More Sidgemore on per-bit pricing (fwd)

pushp@CERF.NET said:

(rather elegant piece of text removed)

Why does then paying for many "information appliances" that tap into
an "IP service pipe" in a similar fashion seem so outlandish ?

I don't disagree with much of what you have written, but playing
devil's advocate I think it *seems* outlandish to some because:

1. Ostrich-with-head-in-sand change-resistance is rife.

2. From a superficial point of view, it seems that the costs are not
   usage sensitive. Tier 1 (whatever that mean) backbone's are building
   network as fast as they can get OC-12s deployed / hire engineering staff
   etc.; The planning process itself for (say) taking an OC-3 network to
   an OC-12 network is not a short one, let alone the deployment. If you
   have a small number of high bandwidth customers connected to one POP,
   your costs of connecting a few customers who are guaranteed (by SLA) to
   be able to get an DS-3 if they want it, but are billed at a rate of
   (say) a few Mb/s, is the same(*) cost as connecting customers billed
   for a flat rate DS-3. (*)=OK it may not be the same as usage based charging
   may well give you a higher port speed contention ratio, but the point
   here is with port speeds which are significant compared to backhaul speed,
   there is a significant risk cost in not deploying sufficient backhaul to
   cope with customer usage growth you can't predict due to not having a
   large enough statistical sample to work with. If you sell at flat rate,
   you can refuse or delay upgrades which would otherwise impare QoS to other
   customers.

   If you think about this in the context of any other good, so called
   usage tariffing is actually a relatively simple derivative product. If
   you are buying coal for a power station, you won't get a contract (or
   not at a decent price), where you can have however much coal you can
   physically get in trucks down the road at guaranteed price X, but you
   can instead order none at all. Instead, you might commit to buying
   Y amount of coal a month at price P per ton, have an option on amount Z
   more per month at price Q per ton (where P<Q). In a traditional market
   if you didn't misplanned, and didn't want X amount after all, you'd
   either have to store it (and incur costs), return it (and incur costs)
   or return it to the market at a possibly lower price (hence arbitrage).

   The situation is *not* entirely similar to electricity. If electricity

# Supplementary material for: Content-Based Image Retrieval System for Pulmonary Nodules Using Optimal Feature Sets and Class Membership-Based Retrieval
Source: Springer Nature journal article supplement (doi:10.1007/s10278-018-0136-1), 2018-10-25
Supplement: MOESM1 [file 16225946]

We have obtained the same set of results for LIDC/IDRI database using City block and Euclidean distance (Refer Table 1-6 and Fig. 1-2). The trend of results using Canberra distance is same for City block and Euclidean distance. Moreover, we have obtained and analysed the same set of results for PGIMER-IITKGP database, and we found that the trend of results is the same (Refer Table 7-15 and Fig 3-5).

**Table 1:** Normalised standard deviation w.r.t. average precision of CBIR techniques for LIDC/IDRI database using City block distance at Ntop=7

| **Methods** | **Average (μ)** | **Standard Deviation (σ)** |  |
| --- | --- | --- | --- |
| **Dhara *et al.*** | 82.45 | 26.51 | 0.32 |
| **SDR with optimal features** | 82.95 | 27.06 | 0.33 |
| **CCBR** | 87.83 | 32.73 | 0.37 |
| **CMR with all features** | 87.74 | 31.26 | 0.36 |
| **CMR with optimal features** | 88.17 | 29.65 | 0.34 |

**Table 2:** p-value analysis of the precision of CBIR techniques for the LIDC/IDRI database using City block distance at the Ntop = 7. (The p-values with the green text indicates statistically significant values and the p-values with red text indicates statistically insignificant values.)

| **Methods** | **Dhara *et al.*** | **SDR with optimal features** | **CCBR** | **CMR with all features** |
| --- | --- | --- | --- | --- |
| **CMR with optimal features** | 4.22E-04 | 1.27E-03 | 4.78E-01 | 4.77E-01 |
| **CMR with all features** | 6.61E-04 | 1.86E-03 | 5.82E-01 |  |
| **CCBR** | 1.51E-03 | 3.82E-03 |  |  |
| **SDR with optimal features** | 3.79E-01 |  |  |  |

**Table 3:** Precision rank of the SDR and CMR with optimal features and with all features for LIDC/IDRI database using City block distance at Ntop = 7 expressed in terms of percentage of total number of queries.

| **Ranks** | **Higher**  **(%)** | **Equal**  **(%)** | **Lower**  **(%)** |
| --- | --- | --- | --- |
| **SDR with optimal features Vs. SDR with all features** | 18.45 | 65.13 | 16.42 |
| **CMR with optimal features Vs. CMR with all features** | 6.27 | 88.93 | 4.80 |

was charged the way some providers charge per bit, I could order a power
   line and normally be charged for 300W of continuous consumption with
   no fixed charge. Then suddenly one day I could plug in a steelworks
   with no prior warning, eat many megawatts, and expect the same supply to
   work. If electricity was installed like this, you would have a huge
   fixed cost per month. If there were only a few homes per smaller
   substation, the fixed cost would be even greater (risk).

   However, neither ISPs nor consumers have sufficiently (yet) analysed
   the market to find out how this works. As you point out, every bit sent
   is likely to have a different cost, depending not only on destination,
   but on time of day too (think about the electricity example). If ISPs
   can't work out how to charge eachother per bit for peering arrangements
   (where, how, and to whom one offloads traffic in a peering context has
   substantial cost based implications) how can we expect them to not only
   develop realistic charging schemes for their customers, but also explain
   them to a relatively immature market?

3. Fixed cost charging is popular with customers. Many customers do not
   understand what they are buying. They do not understand the bandwidth (and
   thus cost) implications of (say) changing their web sites. They are
   frightened their bills might be astronomically increased by some
   activity on the line which isn't benefiting them proportionately (i.e.
   DoS attack, rogue employees etc. as opposed to extra web site hits,
   more employees finding useful information from the net, whatever). And
   the customer facing tools to analyse *why* bandwidth usage is what it
   is are, at best, primative. We don't yet have a ready market in programs
   to automatically recompress the .GIFs on your web site as JPEGs
   prior to transmission (or whatever) to save bandwidth costs. When the
   IT people (or whoever) attempt to get budget for their line internally,
   a fixed cost is more easily justified to the relevant bean-counter.
   An open-ended liability (which is what I've heard usage based charging
   referred to as) is unpopular. The people posting to NANOG 'disagreeing'
   with usage based charging are presumably merely voicing their
dissatisfaction
   with it as a product offering.

4. The market will decide. Trite this may seem, but it's true. There are a
   lot of products which are half way between pure per bit charging and
   pure flat rate (you know this, CERFnet has at least one; I know this,
   I buy them from you :slight_smile: ), and these are essentially first hacks at
   a derivative market in bits (the way I see it). But just like derivatives,
   they aren't yet especially comprehensible.

Awaiting cross-US bits to be listed with pork bellies...

This is all wonderful.

Two things:

1. When was the last time I billed a customer?

2. Perhaps we should create a list for those who
    who want to investigate price discrimination and
    global domination through telecom pricing/infrastructure
    and leave the network operation to the operators?
    (while there still are distinct networks to operate).